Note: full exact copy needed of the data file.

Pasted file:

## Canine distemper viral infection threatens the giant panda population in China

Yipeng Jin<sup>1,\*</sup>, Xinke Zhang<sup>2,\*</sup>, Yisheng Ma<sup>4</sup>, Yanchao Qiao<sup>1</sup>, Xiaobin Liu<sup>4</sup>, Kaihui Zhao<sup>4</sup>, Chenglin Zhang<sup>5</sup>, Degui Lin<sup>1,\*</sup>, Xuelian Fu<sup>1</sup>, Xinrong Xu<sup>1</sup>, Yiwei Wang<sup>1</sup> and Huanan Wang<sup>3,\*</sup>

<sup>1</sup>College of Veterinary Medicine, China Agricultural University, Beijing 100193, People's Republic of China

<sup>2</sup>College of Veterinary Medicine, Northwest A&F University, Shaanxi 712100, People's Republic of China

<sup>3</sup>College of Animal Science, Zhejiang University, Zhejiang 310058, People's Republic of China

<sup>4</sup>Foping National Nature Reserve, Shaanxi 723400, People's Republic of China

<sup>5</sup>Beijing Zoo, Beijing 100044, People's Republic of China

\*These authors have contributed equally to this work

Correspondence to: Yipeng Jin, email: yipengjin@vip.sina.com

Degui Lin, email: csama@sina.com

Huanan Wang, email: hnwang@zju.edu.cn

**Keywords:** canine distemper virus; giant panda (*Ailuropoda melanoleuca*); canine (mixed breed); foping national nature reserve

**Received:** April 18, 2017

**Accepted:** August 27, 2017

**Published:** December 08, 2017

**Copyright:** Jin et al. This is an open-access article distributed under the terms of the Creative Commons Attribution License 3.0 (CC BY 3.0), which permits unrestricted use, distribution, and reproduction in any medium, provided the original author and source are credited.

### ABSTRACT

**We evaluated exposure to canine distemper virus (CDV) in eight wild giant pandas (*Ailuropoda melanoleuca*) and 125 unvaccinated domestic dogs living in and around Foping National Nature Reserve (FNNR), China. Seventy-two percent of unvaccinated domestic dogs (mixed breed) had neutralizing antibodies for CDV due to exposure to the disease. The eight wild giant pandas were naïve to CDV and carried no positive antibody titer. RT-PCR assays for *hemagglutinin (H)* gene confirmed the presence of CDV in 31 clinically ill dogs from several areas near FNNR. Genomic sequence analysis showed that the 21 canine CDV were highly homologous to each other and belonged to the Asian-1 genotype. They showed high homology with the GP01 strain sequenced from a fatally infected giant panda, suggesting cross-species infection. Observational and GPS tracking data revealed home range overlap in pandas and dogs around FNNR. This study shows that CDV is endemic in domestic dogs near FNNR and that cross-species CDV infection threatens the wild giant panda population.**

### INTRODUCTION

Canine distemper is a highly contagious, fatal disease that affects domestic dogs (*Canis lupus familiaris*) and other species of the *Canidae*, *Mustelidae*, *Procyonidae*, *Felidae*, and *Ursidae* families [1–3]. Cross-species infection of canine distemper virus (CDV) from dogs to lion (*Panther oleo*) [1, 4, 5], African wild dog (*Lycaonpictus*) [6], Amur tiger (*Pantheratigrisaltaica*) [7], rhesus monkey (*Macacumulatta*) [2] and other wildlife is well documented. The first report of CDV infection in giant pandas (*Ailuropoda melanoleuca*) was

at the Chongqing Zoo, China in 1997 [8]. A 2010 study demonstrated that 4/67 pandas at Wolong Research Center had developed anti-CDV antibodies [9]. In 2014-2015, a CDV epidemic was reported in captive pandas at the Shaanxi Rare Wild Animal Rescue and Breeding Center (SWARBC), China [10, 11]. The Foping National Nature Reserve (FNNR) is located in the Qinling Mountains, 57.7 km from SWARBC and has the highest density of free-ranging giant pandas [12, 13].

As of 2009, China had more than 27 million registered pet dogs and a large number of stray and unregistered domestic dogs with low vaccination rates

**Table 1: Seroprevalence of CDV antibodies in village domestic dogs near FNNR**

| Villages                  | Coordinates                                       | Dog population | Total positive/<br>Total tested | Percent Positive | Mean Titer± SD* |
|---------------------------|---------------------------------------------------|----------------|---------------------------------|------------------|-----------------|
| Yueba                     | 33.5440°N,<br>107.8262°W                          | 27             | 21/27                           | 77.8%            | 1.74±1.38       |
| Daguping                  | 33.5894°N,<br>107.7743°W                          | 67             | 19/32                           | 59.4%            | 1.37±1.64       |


## Canine distemper viral infection threatens the giant panda population in China

Yipeng Jin<sup>1,\*</sup>, Xinke Zhang<sup>2,\*</sup>, Yisheng Ma<sup>4</sup>, Yanchao Qiao<sup>1</sup>, Xiaobin Liu<sup>4</sup>, Kaihui Zhao<sup>4</sup>, Chenglin Zhang<sup>5</sup>, Degui Lin<sup>1,\*</sup>, Xuelian Fu<sup>1</sup>, Xinrong Xu<sup>1</sup>, Yiwei Wang<sup>1</sup> and Huanan Wang<sup>3,\*</sup>

<sup>1</sup>College of Veterinary Medicine, China Agricultural University, Beijing 100193, People's Republic of China

<sup>2</sup>College of Veterinary Medicine, Northwest A&F University, Shaanxi 712100, People's Republic of China

<sup>3</sup>College of Animal Science, Zhejiang University, Zhejiang 310058, People's Republic of China

<sup>4</sup>Foping National Nature Reserve, Shaanxi 723400, People's Republic of China

<sup>5</sup>Beijing Zoo, Beijing 100044, People's Republic of China

\*These authors have contributed equally to this work

Correspondence to: Yipeng Jin, email: yipengjin@vip.sina.com

Degui Lin, email: csama@sina.com

Huanan Wang, email: hnwang@zju.edu.cn

**Keywords:** canine distemper virus; giant panda (*Ailuropoda melanoleuca*); canine (mixed breed); foping national nature reserve

**Received:** April 18, 2017

**Accepted:** August 27, 2017

**Published:** December 08, 2017

**Copyright:** Jin et al. This is an open-access article distributed under the terms of the Creative Commons Attribution License 3.0 (CC BY 3.0), which permits unrestricted use, distribution, and reproduction in any medium, provided the original author and source are credited.

### ABSTRACT

**We evaluated exposure to canine distemper virus (CDV) in eight wild giant pandas (*Ailuropoda melanoleuca*) and 125 unvaccinated domestic dogs living in and around Foping National Nature Reserve (FNNR), China. Seventy-two percent of unvaccinated domestic dogs (mixed breed) had neutralizing antibodies for CDV due to exposure to the disease. The eight wild giant pandas were naïve to CDV and carried no positive antibody titer. RT-PCR assays for *hemagglutinin (H)* gene confirmed the presence of CDV in 31 clinically ill dogs from several areas near FNNR. Genomic sequence analysis showed that the 21 canine CDV were highly homologous to each other and belonged to the Asian-1 genotype. They showed high homology with the GP01 strain sequenced from a fatally infected giant panda, suggesting cross-species infection. Observational and GPS tracking data revealed home range overlap in pandas and dogs around FNNR. This study shows that CDV is endemic in domestic dogs near FNNR and that cross-species CDV infection threatens the wild giant panda population.**

### INTRODUCTION

Canine distemper is a highly contagious, fatal disease that affects domestic dogs (*Canis lupus familiaris*) and other species of the *Canidae*, *Mustelidae*, *Procyonidae*, *Felidae*, and *Ursidae* families [1–3]. Cross-species infection of canine distemper virus (CDV) from dogs to lion (*Panther oleo*) [1, 4, 5], African wild dog (*Lycaonpictus*) [6], Amur tiger (*Pantheratigrisaltaica*) [7], rhesus monkey (*Macacumulatta*) [2] and other wildlife is well documented. The first report of CDV infection in giant pandas (*Ailuropoda melanoleuca*) was

at the Chongqing Zoo, China in 1997 [8]. A 2010 study demonstrated that 4/67 pandas at Wolong Research Center had developed anti-CDV antibodies [9]. In 2014-2015, a CDV epidemic was reported in captive pandas at the Shaanxi Rare Wild Animal Rescue and Breeding Center (SWARBC), China [10, 11]. The Foping National Nature Reserve (FNNR) is located in the Qinling Mountains, 57.7 km from SWARBC and has the highest density of free-ranging giant pandas [12, 13].

As of 2009, China had more than 27 million registered pet dogs and a large number of stray and unregistered domestic dogs with low vaccination rates

**Table 1: Seroprevalence of CDV antibodies in village domestic dogs near FNNR**

| Villages                  | Coordinates                                       | Dog population | Total positive/<br>Total tested | Percent Positive | Mean Titer± SD* |
|---------------------------|---------------------------------------------------|----------------|---------------------------------|------------------|-----------------|
| Yueba                     | 33.5440°N,<br>107.8262°W                          | 27             | 21/27                           | 77.8%            | 1.74±1.38       |
| Daguping                  | 33.5894°N,<br>107.7743°W                          | 67             | 19/32                           | 59.4%            | 1.37±1.64       |